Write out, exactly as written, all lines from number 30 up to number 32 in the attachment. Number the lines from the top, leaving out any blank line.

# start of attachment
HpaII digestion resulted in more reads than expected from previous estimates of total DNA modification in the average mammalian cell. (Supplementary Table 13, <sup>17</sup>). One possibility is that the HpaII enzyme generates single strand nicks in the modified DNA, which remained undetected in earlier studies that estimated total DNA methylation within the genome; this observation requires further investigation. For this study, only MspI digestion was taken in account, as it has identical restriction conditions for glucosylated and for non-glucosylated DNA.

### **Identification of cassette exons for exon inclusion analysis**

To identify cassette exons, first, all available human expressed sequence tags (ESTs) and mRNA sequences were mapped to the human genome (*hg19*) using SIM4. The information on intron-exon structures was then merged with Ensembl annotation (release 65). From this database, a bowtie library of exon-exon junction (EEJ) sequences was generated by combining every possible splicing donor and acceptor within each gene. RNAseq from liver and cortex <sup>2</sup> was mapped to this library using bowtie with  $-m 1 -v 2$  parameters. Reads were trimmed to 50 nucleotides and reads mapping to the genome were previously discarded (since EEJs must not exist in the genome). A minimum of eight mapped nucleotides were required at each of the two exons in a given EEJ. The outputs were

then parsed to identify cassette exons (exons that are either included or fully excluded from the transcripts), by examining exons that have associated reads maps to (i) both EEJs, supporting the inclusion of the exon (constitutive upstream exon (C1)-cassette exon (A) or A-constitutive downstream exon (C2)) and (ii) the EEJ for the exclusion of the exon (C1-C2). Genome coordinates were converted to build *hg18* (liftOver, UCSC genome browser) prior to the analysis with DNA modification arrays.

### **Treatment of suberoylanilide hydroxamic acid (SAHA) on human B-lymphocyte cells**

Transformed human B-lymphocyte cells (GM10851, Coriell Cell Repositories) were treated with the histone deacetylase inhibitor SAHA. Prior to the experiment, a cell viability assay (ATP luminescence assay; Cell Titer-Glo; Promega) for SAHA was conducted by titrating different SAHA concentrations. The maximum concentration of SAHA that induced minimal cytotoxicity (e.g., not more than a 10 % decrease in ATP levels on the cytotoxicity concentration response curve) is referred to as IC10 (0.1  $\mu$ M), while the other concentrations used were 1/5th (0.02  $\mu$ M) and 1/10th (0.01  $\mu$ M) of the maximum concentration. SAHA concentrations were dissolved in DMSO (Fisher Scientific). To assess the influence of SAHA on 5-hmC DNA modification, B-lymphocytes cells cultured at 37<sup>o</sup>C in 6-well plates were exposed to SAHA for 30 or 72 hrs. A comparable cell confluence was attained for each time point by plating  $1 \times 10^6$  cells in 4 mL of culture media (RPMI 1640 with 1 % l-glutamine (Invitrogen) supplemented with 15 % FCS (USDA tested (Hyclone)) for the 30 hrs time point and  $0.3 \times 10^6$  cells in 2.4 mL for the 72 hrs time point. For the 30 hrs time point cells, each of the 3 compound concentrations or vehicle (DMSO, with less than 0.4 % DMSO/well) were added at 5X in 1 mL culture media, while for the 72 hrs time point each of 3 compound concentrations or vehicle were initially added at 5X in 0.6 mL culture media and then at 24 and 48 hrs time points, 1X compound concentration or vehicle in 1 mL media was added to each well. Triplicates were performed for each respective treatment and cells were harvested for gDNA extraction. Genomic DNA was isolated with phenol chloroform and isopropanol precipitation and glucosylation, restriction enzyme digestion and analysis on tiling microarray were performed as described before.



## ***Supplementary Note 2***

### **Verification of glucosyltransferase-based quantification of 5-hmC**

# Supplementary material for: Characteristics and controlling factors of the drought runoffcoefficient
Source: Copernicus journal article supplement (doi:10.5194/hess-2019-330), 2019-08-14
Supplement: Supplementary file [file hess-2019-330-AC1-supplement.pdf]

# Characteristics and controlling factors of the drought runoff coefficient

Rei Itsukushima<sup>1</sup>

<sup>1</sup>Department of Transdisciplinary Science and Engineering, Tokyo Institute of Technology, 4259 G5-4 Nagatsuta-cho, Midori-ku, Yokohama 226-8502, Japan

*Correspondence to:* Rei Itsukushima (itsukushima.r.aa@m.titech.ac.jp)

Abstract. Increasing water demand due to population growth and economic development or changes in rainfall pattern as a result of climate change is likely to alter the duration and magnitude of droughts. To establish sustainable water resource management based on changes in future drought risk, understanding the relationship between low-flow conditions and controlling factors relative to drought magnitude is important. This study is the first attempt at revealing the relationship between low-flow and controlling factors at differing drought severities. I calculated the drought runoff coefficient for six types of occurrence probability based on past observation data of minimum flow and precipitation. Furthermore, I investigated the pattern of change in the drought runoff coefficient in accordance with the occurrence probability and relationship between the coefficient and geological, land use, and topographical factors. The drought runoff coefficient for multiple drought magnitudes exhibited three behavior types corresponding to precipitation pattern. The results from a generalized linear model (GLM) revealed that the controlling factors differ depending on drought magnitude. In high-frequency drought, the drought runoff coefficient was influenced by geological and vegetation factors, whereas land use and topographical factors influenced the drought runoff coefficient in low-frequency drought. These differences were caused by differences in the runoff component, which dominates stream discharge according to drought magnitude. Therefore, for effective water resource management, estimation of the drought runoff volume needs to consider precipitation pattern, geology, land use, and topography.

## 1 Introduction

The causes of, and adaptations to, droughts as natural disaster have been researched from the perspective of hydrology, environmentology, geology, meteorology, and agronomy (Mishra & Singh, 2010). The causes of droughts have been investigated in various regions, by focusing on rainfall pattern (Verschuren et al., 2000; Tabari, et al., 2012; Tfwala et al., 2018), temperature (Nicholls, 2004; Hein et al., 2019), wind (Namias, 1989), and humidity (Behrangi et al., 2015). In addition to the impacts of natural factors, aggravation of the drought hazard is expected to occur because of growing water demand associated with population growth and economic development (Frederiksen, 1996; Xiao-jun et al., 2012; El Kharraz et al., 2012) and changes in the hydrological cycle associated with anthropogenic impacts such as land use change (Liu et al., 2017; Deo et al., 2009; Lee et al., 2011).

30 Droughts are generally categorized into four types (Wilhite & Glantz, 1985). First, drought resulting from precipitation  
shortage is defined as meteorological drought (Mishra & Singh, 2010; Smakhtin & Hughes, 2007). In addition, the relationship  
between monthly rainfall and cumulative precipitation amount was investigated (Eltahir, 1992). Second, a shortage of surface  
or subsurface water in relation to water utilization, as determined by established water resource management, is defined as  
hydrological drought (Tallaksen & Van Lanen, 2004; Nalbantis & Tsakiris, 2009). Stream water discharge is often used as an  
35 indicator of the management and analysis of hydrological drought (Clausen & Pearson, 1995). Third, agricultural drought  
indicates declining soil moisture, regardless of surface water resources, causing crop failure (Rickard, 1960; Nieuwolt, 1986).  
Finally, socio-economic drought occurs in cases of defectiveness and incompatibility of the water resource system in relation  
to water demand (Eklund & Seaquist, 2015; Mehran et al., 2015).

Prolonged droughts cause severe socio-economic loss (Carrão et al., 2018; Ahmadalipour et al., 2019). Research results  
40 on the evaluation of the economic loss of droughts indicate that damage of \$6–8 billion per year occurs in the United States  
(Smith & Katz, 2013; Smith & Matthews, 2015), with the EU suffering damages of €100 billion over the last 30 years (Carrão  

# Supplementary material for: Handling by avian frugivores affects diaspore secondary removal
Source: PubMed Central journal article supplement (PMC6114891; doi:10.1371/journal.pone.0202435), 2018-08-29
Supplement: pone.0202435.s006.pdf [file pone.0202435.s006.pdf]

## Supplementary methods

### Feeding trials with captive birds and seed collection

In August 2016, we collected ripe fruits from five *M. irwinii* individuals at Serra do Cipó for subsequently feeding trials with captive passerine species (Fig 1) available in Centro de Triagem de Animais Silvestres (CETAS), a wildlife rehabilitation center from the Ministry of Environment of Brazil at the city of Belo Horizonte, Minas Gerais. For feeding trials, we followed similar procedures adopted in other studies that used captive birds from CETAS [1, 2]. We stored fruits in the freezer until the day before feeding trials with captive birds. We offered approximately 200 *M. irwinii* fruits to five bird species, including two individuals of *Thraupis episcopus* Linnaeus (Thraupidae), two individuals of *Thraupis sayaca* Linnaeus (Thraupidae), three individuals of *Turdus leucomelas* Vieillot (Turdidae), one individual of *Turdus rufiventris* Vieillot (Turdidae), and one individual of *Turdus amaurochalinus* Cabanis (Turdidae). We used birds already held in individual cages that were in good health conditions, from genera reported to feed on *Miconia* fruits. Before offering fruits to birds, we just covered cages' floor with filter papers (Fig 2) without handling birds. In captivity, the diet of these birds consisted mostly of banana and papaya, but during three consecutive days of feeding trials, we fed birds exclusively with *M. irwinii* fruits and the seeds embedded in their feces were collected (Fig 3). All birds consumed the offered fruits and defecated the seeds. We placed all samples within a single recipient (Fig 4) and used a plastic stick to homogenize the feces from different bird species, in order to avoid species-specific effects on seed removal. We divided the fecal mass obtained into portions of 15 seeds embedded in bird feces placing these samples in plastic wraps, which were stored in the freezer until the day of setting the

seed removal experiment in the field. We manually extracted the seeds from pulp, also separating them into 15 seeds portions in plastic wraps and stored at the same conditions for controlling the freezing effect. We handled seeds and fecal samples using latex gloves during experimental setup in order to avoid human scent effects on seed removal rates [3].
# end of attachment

(Smith & Katz, 2013; Smith & Matthews, 2015), with the EU suffering damages of €100 billion over the last 30 years (Carrão  

# Supplementary material for: Handling by avian frugivores affects diaspore secondary removal
Source: PubMed Central journal article supplement (PMC6114891; doi:10.1371/journal.pone.0202435), 2018-08-29